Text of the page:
Stories of Your Life and Others is a wonderful collection of modern science fiction short stories written by Ted Chiang. The collection, originally published in 2002, features many award winning pieces. Amazon.com calls Chiang “one of science fiction’s most thoughtful and graceful writers” and I would agree. His stories all have interesting concepts behind them. Though some are definitely better than others, they are all good, and the fact that they’re short makes even the not so great ones easy to get through.
I picked up a copy of Algorithms to Live By: The Computer Science of Human Decisions, written by Brian Christian and Tom Griffiths, after Amazon CTO Werner Vogels tweeted about it. I’ve come to really appreciate his book recommendations, and Algorithms to Live By doesn’t disappoint.
Ashlee Vance’s Elon Musk: Tesla, SpaceX, and the Quest for a Fantastic Future is a very inspiring book. And with SpaceX’s CRS-7 having just exploded—the third resupply mission to fail in only a couple months—finishing this biography recently made the journey through it timely.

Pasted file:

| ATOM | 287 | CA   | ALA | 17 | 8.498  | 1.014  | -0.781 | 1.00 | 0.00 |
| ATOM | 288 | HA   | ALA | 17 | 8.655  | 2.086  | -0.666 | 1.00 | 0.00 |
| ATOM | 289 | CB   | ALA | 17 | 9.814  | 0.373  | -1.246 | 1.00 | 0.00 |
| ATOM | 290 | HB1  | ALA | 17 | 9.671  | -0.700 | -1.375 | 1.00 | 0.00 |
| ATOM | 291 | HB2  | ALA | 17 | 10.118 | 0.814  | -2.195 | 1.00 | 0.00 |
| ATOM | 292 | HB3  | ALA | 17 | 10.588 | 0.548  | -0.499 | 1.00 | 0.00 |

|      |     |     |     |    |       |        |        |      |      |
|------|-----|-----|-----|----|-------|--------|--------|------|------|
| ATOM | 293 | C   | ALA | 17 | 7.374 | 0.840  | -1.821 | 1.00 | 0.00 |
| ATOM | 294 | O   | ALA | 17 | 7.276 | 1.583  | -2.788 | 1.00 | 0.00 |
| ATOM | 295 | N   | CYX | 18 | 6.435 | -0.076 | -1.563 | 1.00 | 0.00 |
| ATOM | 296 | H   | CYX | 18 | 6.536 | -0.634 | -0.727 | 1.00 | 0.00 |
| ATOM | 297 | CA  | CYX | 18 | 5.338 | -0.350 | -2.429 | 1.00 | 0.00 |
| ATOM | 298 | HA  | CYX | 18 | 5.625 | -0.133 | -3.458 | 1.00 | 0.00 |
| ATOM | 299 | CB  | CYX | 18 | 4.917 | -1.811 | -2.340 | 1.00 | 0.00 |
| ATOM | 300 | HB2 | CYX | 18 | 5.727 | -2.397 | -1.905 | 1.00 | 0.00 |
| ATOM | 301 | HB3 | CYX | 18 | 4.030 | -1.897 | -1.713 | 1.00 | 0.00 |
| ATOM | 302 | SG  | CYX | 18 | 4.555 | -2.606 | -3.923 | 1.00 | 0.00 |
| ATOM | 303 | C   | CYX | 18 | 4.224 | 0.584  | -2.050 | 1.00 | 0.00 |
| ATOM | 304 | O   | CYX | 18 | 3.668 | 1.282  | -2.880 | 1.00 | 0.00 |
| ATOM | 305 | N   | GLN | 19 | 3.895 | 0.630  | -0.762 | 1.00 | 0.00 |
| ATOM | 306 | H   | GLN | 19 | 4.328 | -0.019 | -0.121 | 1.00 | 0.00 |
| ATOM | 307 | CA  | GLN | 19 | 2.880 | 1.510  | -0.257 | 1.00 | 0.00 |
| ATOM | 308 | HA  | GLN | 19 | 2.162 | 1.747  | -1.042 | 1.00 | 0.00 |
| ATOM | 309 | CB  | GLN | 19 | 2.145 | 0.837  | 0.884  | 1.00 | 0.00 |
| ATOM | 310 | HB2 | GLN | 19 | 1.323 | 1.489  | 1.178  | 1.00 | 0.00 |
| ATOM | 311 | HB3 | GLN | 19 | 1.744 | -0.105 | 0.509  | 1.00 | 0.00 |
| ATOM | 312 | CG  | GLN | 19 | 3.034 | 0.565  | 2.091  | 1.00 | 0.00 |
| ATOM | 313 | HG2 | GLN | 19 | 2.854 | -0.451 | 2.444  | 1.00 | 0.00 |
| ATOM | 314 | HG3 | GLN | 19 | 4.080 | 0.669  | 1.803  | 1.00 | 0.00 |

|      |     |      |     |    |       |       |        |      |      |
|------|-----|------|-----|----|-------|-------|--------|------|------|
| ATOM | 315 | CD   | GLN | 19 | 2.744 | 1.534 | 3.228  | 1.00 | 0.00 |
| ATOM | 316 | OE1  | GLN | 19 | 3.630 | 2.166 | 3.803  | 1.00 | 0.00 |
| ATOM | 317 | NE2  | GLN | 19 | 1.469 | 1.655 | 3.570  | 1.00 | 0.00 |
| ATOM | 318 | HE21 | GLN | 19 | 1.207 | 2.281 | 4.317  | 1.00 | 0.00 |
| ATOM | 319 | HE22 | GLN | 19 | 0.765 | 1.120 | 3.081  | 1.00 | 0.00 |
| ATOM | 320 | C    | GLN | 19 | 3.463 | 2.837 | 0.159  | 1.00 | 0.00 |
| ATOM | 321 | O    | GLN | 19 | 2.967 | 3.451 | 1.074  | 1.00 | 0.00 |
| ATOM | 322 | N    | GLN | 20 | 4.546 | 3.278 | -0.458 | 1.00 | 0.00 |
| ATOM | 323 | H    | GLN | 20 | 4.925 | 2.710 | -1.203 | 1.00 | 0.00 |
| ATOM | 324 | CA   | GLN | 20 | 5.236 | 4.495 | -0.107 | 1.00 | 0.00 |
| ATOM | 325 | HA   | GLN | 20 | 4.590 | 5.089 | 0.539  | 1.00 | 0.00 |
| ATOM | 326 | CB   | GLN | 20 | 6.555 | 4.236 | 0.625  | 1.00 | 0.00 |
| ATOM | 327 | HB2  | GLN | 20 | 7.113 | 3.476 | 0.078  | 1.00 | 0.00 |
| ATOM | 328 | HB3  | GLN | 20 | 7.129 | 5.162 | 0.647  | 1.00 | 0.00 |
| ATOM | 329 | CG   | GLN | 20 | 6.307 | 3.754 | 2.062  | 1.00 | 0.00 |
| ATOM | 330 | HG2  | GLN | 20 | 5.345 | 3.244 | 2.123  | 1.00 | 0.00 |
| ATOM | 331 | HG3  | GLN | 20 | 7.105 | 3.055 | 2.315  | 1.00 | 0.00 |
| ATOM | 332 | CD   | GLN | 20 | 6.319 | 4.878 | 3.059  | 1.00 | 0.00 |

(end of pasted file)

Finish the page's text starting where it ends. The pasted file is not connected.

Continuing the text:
Make It So, by Nathan Shedroff and Christopher Noessel, is a terrific exploration of interaction design lessons from science fiction. It covers everything from commonly found mechanical controls and visual interfaces to emerging technologies and languages like volumetric displays and gestural interfaces and beyond.
The Moon is a Harsh Mistress, the story of a lunar colony’s revolt against rule from Earth, is a classic sci-fi novel by Robert A. Heinlein. Published in 1966, The Moon is a Harsh Mistress won the Hugo Award for best science fiction novel and is considered one of the most important science fiction novels ever written.
Walter Isaacson’s biography of Apple co-founder and creative genius Steve Jobs is an absolutely brilliant read. Isaacson does an amazing job of revealing the motivations and passions that drove Steve Jobs to revolutionize a number of industries, including personal computers, animated movies, digital music and phones.